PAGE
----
New entries of film franchises that have taken an abnormal amount of time to gestate pose an interesting challenge for any filmmaker. Depending on the length in between it and the last film, an entire generation of attitudes and technology could have passed and thrown more than a few kinks into any studio pitch. Though Rings, the not so long-awaited and severely pushed back third film in the Ring franchise, depicts the VHS player as an object of vintage hipster curiosity in its second scene, the media-playing device has gone the way of Betamax.
So for the technologically inclined Millennial generation, it only made sense that the ‘Ring’ video be in electronic format, shareable all across the World Wide Web. That sort of global availability, escaping the limiting confines of a single VHS tape, should pose a larger threat and is a little scarier in concept. The problem is Rings does absolutely nothing not only to showcase any tangible amount of suspense or horror, but also justify its very existence with anything quarter-way memorable or inspired.
The film even gives you a glaring clue it will continue in such a fashion in its opening scene. Every genre has rules, and when those rules are broken for the sake of subversion, we rightly applaud these movies and their creators for providing such a new and reinvigorating vision. Such is the same especially for horror flicks, but when you start building a mythos around your central villain, there’s a certain logic you have to stick to lest the material appear as though you were adding new information without explanation or purpose.
We know that the ghoulish Samara appears from any screen that you can view the video from and kills you seven days after you watch it, but from the original film, we gather that she kills discriminately. If you’ve watched the video to completion, only you are doomed to die and no one else. In this film’s opening scene, an airplane passenger – on a jet plane with television screens on the back of the headrests that are not used for scares, don’t you know – who has viewed the video causes Samara to crash an entire plane of innocent passengers because of one guy.
It’s a horrendous moment of laziness from our trio of screenwriters for this film, and it’s only the first as they continue to weave a plot that is not only preposterous in its complete bastardization of the Samara legend, but also its clueless progression up to a final scene that represents a surprisingly defiant middle finger. The amount of narrative focus is disastrously abysmal, and by the closing stages of the final act, it seemed as though the writers had only just remembered what franchise they were writing for. The twists and turns they try to pass off as shocking are either painfully obvious or way out of the realm of sanity or plausible deniability.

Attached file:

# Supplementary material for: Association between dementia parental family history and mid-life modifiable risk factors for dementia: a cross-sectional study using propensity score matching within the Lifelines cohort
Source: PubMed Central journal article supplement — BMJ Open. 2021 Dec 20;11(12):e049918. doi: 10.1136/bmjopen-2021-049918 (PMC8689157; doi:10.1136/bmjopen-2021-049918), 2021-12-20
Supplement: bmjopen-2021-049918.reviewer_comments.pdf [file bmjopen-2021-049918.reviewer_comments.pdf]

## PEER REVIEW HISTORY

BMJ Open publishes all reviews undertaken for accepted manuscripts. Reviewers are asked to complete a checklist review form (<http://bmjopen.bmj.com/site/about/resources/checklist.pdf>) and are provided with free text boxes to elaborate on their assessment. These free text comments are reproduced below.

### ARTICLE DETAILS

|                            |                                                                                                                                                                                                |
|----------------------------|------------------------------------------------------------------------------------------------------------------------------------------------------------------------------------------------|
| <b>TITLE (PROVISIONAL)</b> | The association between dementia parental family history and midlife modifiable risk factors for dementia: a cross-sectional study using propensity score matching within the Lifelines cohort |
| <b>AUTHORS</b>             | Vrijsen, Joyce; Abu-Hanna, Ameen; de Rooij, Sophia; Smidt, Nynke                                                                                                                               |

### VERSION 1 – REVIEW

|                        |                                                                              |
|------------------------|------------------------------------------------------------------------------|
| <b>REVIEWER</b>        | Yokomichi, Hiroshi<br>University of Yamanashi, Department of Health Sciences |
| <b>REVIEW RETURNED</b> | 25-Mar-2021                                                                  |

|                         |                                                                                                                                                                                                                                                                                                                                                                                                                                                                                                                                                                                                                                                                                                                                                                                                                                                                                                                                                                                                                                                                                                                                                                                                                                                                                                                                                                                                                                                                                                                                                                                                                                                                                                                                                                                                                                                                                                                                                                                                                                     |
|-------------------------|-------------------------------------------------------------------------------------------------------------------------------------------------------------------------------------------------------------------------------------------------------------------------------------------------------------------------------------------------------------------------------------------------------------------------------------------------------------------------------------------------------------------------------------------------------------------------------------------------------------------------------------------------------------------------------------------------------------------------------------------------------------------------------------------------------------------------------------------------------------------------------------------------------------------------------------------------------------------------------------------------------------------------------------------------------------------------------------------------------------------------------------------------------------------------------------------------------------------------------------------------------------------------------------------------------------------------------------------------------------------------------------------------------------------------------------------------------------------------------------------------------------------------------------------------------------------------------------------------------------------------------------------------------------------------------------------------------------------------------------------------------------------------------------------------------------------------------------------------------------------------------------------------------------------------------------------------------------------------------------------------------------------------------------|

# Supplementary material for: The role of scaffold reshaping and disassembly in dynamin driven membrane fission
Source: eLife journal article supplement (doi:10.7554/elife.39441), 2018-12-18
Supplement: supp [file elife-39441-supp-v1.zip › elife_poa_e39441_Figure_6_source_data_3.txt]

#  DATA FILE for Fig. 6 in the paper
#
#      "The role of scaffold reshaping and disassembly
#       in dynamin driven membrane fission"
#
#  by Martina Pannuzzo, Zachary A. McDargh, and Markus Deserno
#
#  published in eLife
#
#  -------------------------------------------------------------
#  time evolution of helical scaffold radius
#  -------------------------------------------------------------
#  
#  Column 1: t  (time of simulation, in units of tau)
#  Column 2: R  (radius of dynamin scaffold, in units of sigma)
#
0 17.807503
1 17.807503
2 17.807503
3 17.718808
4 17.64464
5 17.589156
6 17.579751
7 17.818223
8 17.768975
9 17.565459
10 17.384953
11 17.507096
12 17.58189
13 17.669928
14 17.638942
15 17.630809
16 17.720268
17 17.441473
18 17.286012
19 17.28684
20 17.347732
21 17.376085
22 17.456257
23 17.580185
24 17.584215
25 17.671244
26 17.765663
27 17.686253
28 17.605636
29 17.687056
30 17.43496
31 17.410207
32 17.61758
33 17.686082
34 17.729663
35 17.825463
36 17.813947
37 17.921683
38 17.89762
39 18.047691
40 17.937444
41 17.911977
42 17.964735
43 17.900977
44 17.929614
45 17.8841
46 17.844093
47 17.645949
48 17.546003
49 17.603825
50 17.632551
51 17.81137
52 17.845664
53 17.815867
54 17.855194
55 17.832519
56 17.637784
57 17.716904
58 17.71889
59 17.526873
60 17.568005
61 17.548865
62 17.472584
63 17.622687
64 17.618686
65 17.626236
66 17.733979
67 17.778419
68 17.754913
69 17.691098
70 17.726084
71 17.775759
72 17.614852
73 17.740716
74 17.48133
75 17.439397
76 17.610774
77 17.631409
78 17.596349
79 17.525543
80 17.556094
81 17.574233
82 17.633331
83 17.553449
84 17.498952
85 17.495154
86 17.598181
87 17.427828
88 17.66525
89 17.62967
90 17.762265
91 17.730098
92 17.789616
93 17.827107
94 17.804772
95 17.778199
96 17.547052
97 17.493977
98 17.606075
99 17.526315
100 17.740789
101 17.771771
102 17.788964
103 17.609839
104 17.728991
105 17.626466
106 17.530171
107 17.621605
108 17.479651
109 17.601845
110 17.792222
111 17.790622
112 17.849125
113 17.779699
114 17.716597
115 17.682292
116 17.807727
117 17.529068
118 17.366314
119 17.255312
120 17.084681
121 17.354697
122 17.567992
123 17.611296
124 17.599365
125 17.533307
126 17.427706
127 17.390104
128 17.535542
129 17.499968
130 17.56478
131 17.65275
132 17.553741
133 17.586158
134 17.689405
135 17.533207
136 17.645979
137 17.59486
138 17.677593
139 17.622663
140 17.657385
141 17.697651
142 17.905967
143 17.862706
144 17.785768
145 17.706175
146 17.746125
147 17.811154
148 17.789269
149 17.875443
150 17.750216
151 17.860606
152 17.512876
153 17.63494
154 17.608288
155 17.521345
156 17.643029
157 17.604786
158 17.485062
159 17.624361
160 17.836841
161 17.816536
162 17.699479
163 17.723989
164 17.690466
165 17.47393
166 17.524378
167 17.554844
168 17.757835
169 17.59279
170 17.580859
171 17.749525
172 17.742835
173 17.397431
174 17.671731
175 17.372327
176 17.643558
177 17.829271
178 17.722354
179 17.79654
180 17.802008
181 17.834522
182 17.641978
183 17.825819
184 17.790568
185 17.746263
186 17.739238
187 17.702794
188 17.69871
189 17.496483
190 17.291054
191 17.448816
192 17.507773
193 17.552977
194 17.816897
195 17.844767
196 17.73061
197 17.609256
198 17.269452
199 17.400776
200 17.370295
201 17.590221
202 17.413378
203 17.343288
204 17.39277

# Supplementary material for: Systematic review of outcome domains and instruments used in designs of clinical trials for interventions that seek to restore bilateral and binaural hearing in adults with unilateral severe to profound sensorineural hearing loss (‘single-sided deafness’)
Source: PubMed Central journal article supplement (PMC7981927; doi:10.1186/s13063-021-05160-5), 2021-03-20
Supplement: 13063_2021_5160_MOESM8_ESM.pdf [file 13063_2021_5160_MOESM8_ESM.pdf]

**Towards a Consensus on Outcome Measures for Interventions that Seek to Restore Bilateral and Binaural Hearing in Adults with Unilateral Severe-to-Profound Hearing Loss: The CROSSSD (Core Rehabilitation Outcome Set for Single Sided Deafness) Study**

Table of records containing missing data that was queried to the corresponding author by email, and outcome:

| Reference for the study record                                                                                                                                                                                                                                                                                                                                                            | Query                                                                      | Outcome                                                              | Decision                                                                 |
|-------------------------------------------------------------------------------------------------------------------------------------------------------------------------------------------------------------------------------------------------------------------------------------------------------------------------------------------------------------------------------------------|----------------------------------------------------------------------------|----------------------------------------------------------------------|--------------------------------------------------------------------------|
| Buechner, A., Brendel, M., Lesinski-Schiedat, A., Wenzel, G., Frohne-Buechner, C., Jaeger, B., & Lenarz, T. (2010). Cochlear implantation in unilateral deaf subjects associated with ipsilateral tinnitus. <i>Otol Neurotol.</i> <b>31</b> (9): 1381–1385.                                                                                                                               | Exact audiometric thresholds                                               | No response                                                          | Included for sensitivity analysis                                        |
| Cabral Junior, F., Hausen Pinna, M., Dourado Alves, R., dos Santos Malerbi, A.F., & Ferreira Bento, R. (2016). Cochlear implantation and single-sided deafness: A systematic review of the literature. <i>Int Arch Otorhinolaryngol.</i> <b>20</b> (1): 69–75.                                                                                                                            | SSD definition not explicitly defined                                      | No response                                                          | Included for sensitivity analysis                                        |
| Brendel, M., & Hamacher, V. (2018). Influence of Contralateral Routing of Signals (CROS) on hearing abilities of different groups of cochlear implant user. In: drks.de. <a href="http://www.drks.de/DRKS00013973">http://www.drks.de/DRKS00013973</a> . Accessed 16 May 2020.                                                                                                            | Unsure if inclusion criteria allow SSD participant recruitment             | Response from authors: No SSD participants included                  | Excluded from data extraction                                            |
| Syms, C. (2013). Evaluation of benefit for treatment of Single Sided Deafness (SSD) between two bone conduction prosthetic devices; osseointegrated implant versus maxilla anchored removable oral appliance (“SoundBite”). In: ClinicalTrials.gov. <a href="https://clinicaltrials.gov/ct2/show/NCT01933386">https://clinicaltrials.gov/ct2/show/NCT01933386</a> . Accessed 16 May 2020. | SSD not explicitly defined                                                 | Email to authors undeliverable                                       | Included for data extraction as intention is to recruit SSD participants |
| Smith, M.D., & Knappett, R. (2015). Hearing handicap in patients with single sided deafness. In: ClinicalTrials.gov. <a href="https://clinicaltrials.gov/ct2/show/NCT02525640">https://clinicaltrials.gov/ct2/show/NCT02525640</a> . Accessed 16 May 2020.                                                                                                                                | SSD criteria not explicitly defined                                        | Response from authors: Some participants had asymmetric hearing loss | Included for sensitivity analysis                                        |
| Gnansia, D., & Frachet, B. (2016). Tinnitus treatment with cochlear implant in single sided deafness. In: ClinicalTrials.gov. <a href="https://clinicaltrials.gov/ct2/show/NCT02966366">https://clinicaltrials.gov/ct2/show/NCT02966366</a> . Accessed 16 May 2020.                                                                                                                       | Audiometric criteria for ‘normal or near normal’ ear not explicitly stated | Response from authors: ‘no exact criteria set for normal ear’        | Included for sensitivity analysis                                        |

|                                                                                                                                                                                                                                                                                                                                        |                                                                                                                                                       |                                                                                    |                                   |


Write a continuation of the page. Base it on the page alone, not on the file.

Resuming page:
The very least these persons can provide us are a few moments of tension in addition to the inevitable plethora of jump scares. Instead, all we get are a handful of cool shots that provide no atmosphere and a collection of nonthreatening jump scares indicative of a writing team bereft of even an ounce of creativity. Even the most formulaic of genre flicks have been occasionally creepy whenever it was needed the most, but all this team can muster are some archetypal steel blue and pale orange color contrasts paired with low key lighting, and expecting scenes to be effective with a director equally disinterested in capturing something in a way that’s compelling enough to keep the audience from falling asleep.
The acting is atrociously phoned in just to add insult to injury. Actors are the only saving grace for material too stupidly silly to briefly consider seriously, and any good actor knows a bad script when they see it. There is no sign of effort from any member of this film’s ensemble, however, including the talented Vincent D’Onofrio, whose mere presence provokes the odd laugh or two every time he appears on screen. Then again, what are we supposed to expect when a professional contortionist not given a single line of dialogue plays the most compelling character?
It would have been one thing if Rings was just dumb fun in its imbecility much the way last weekend’s Resident Evil: The Final Chapter played out. This is just vacuous garbage devoid of feeling whose cynical lack of heart, depth or vitality was just the right package for the beginning of February. Surely no one, or even a remarkably little number of people have uttered such blasphemy, but maybe this would have been better in 3D, like they originally planned.